Ahad, born in 1989, is a photojournalist for the Associated Press, based in Dhaka, Bangladesh. He graduated in mass communication and Journalism from Stamford University, Bangladesh, and was a staff photographer for DrikNEWS and for Daily Sun before joining the news agency. Recently he completed post-graduate work in photojournalism on a scholarship at the Asian Center for Journalism at Ateneo De Manila University, Philippines. Ahad’s work has been featured worldwide, including Angkor photo festival in Cambodia, The Charlotte Observer Gallery, United States; Guardian Gallery, London; Grand Atrium of Dubai Mall, Dubai; and the Indonesian Art Institute. His work has also been published in TIME.com, The New York Times, The Guardian, International Herald Tribune, The Observer Magazine, Courier International, Asian GEO, Saudi Aramaco World, Himal Southasian, I Care, New Age, and Forum Magazine of Daily Star. He has received awards in environmental photography and national photo competitions awards.

Bangladeshi people raise their hands against corruption at a commitment programme in Dhaka, Bangladesh, pledging to combat corruption. 27 September 2012

Jonas Kako
Kako, 21, was born in northern Germany and started taking photos as a little boy while on holiday with his family. Since then he has traveled around the world and always carries his camera with him. In 2010. Kako joined a local Amnesty International group. Learning about political injustice and corruption, he became more and more interested in social documentary photography. At the end of 2012, he journeyed for three months to northern India, where he said he experienced a whole new beautiful, but at the same time corrupt and hard, world. In October this year, Kako will begin studying documentary photography at the FH Hannover, Germany.

"My camera has always been with me. In 2010 I joined a local Amnesty International group, learning about political injustice and corruption. That’s when I got more and more interested in social documentary photography."

In 1984 in Bhopal, India, one of the largest industrial disasters occurred. Almost 30 years after the explosion at the Union Carbide chemical plant, people still suffer the consequences. Groundwater is contaminated with chemicals causing severe mental and physical damage to children before they are born. Eight people have received minimal sentences, while victims receive little state support. The former manager of Union Carbide spends his retirement in Long Island, New York. This photo shows a Bhopal mother holding her disabled child at the Chingari Rehabilitation Centre, Bhopal. 10 January 2013

United Kingdom
Lee Harper
Harper, 26, is a freelance photographer who graduated with a BA Honours in documentary photography from the University of Wales, Newport, in the United Kingdom. He has a keen interest in human rights and has travelled around Europe, the Middle East and Asia. His projects include Albanian sectarianism, exiled journalists around Europe and the conflict in Syria. Exposing corruption through his photographs is an important part of documenting the voiceless.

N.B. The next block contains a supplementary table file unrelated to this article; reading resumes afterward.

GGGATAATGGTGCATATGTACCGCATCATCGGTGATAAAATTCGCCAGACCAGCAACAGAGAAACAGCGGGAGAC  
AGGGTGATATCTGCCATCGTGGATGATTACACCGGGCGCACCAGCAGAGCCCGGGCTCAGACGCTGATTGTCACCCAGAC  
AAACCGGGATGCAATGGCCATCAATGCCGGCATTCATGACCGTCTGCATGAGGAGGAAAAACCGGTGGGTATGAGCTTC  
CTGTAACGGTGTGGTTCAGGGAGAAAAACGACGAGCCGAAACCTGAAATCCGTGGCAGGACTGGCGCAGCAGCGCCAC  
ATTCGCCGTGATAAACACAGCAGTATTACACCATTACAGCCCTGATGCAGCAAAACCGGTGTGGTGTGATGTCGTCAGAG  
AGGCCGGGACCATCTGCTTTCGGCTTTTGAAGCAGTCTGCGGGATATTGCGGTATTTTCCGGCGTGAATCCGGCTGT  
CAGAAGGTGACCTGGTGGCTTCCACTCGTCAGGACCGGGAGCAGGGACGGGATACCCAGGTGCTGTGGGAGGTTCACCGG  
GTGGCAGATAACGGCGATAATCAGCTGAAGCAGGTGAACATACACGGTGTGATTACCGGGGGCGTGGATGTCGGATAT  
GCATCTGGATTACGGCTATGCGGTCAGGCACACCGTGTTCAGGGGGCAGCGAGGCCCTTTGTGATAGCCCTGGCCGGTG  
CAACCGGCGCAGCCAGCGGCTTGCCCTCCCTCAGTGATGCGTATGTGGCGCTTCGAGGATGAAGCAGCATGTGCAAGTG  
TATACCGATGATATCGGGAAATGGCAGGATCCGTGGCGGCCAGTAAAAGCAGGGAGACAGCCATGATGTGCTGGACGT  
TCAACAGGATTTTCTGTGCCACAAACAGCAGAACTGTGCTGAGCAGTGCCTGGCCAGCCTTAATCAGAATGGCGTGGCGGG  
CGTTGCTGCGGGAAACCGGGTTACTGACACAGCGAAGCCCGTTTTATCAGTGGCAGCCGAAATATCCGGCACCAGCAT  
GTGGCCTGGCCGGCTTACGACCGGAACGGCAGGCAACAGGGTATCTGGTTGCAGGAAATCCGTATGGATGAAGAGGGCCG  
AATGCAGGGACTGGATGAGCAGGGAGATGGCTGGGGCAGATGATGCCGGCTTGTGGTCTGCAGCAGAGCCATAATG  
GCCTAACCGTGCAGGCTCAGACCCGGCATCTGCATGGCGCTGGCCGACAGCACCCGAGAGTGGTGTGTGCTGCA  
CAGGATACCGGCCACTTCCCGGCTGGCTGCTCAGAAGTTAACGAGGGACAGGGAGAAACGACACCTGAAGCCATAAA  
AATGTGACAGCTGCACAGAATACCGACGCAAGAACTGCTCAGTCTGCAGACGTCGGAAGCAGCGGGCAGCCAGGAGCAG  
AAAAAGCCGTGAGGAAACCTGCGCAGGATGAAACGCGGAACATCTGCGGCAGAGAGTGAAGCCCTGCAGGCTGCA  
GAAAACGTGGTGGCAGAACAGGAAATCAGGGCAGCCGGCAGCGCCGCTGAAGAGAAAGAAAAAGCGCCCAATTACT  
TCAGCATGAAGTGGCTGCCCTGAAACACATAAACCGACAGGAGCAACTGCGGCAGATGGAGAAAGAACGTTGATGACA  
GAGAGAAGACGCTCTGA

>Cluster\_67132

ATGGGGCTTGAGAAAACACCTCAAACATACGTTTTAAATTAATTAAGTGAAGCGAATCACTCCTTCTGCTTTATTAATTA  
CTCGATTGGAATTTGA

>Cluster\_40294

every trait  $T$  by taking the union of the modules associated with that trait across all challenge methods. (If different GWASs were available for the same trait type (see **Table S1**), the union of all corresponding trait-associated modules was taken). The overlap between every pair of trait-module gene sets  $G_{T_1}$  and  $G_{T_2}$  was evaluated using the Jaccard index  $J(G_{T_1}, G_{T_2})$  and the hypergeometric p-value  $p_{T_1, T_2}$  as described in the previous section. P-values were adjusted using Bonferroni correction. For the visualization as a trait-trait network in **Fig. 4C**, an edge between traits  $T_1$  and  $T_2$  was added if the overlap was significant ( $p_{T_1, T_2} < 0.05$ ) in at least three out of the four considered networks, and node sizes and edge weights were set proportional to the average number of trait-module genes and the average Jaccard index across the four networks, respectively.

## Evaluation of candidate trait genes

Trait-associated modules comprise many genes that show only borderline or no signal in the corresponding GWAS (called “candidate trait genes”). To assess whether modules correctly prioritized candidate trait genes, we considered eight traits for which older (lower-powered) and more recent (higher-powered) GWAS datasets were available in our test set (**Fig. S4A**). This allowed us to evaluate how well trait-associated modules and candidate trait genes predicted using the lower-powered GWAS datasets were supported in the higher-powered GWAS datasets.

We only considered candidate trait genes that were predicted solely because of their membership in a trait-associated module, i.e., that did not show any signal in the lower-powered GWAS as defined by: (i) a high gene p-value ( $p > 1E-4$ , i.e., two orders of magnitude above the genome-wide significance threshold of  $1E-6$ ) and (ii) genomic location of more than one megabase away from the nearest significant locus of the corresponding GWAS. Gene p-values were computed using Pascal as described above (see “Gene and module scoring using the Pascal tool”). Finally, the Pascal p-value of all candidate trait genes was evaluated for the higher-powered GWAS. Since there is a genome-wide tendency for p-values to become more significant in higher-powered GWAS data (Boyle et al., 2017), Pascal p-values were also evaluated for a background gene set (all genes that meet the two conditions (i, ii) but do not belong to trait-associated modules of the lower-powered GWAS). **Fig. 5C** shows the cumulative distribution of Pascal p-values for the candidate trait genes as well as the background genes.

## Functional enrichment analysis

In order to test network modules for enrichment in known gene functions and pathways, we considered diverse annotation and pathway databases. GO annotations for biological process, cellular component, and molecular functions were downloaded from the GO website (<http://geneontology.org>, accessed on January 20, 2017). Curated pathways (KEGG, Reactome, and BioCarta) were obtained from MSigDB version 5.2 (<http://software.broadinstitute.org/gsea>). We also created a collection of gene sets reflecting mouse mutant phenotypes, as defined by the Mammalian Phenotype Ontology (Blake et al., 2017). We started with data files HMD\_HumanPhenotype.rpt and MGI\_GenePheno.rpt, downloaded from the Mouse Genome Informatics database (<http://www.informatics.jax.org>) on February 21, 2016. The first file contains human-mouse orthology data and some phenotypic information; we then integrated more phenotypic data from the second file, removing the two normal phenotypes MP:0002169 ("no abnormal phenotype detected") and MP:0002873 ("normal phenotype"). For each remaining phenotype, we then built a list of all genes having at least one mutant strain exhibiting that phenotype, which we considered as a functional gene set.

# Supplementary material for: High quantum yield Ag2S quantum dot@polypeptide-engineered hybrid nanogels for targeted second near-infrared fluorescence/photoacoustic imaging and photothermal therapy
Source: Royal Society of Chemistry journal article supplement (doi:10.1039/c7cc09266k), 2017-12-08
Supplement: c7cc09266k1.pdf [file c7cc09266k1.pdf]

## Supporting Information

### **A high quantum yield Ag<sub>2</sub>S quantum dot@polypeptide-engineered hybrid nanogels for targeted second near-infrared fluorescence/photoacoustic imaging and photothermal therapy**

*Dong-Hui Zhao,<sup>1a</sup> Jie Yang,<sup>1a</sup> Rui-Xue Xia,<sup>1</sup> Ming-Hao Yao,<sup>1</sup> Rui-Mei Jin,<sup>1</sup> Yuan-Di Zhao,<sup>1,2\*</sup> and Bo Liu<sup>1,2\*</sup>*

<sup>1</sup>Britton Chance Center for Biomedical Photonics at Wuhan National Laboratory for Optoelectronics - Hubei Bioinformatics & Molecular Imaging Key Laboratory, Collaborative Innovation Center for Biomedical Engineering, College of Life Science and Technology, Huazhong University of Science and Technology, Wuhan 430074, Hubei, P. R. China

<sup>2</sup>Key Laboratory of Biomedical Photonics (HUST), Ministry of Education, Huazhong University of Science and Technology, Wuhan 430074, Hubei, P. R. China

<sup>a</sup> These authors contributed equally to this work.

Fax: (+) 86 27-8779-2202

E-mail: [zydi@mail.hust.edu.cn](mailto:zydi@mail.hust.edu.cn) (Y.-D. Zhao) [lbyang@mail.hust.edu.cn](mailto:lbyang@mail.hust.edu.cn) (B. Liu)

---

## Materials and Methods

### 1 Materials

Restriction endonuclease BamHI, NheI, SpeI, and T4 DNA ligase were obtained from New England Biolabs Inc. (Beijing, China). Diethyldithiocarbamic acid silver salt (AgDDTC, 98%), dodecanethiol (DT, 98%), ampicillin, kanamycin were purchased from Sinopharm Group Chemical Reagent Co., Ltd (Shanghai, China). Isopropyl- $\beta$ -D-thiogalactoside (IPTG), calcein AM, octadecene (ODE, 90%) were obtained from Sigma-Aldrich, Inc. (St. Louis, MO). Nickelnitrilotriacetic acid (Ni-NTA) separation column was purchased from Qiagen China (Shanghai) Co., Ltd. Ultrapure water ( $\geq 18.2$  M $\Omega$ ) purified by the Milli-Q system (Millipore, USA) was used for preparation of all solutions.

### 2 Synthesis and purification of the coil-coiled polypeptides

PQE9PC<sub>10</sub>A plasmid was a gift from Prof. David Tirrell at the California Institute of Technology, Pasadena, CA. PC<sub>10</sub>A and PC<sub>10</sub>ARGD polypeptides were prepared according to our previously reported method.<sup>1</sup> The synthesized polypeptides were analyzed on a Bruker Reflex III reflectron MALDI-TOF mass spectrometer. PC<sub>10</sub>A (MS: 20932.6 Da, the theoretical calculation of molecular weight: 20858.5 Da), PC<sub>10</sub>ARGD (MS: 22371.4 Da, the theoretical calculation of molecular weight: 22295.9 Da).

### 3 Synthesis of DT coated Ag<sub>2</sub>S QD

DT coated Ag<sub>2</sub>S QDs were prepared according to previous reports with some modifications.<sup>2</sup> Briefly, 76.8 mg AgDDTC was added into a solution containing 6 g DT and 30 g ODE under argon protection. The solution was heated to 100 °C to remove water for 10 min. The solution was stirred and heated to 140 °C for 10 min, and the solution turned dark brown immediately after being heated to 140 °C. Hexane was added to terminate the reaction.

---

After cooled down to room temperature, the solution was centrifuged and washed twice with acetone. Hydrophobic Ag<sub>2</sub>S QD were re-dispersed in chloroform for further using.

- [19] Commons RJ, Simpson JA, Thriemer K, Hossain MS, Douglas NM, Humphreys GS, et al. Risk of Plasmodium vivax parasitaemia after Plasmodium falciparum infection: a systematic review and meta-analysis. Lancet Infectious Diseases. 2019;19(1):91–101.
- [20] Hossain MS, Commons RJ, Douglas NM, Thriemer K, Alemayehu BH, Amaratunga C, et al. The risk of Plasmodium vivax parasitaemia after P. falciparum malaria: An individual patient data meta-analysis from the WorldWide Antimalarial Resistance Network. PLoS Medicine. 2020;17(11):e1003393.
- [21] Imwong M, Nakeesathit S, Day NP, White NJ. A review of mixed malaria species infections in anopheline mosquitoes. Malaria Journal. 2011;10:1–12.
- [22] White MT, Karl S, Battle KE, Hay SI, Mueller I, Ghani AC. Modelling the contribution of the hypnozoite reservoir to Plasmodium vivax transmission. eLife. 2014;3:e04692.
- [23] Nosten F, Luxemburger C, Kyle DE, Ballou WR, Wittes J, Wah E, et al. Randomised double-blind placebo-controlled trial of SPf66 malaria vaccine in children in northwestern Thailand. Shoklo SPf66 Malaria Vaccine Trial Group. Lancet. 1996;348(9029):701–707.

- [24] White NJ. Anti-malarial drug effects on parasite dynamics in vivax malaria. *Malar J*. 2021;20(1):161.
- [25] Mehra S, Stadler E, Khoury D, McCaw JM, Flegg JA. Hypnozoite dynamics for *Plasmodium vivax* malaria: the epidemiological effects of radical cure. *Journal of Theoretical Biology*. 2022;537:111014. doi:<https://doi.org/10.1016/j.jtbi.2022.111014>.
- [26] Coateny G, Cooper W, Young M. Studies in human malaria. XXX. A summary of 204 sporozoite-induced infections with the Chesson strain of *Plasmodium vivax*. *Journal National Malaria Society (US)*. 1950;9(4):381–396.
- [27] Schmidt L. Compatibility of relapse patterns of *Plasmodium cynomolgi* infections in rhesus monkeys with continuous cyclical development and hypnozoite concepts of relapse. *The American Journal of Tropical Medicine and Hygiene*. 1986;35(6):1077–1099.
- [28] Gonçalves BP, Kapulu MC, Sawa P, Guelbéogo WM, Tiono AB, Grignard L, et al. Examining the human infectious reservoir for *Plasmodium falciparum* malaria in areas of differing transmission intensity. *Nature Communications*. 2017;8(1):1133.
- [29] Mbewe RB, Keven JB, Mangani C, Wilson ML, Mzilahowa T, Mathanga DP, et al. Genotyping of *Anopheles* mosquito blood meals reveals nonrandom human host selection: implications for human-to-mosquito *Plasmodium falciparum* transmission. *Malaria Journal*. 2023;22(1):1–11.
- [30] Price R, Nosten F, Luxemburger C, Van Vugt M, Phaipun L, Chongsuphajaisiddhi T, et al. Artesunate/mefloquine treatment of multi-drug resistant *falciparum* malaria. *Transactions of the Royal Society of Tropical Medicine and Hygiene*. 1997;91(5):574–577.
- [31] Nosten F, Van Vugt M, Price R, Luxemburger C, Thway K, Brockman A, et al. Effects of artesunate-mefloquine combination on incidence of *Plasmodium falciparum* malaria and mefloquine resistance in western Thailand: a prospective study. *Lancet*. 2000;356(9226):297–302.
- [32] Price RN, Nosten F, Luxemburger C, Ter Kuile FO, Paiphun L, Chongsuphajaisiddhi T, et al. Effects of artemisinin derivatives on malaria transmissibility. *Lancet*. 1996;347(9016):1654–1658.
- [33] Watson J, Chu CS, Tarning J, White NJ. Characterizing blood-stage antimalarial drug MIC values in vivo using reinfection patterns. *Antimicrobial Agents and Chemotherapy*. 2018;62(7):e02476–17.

"With photography you hope to try to educate people through your images and explain what is happening in the world."

The police in the United Kingdom are not seen as transparent and people do not feel they can trust them, due to corruption that is rife in the force. Riots and anarchy have broken out in many parts of the UK as people rebel against the government, the banks and the police for not serving the community’s interest. The police are making society crack. Cardiff, Wales, March 2012

Mehman Huseynov
Huseynov, 23, is a student and works as a photo and video reporter in Azerbaijan. He posts his work on the Internet and is active in human rights and freedom of expression issues. He is a studying at the Azerbaijan State Economic University.

"I shoot violations of the law with my camera and spread them through social networks, thus struggling for a democratic society in my country."

In Azerbaijan, freedom of expression is vigorously suppressed. This photo shows what a person who is demanding his or her rights faces in my country: police brutality and harassment. The police forbid people from voicing their opinions or from seeing reality. This shows the consequences a protester faced at a gathering in the centre of Baku organized by the opposition parties in March 2012.

Soham Gupta
Gupta, born in 1988, is a documentary photographer based in Kolkata. He grew up amidst the leftist political and literary culture of Bengal and began taking photographs in his teens. Gupta is drawn to the photographs of Don McCullin, Anders Petersen, Christer Strömholm and Jim Goldberg; and the melancholy darkness of painters such as Georges de La tour, Gherardo della Notte and others of the 17th century. He holds a diploma in photojournalism from Ateneo de Manila University, Philippines. He has exhibited in Paris and in Kolkata, and his photographs were included in Max Ström’s book "A DAY IN THE WORLD." In 2013, he was nominated for the Joop Swart Masterclass. When not photographing, he enjoys nostalgia, writing and talking about the modern history of India and digging into a delicious Italian buffet. Jane Goodall is his hero and if not a photographer, Gupta probably would have been a zoo-keeper.

Leather scraps from nearby tanneries are illegally burnt in a furnace at the Dhapa dump in West Bengal in an attempt to produce fertilizers, adding to Calcutta's pollution problem. 25 February 2013

The more than 500 digital photos submitted were judged using the following criteria:

  • Impact – compelling subject matter and caption
  • Artistic interpretation – composition, style
  • Technical skills – focus, colour, use of light

The views expressed in the photographs and the essays for this Transparency International competition are those of the contestants and do not necessarily represent the views of Thomson Reuters Foundation and Transparency International.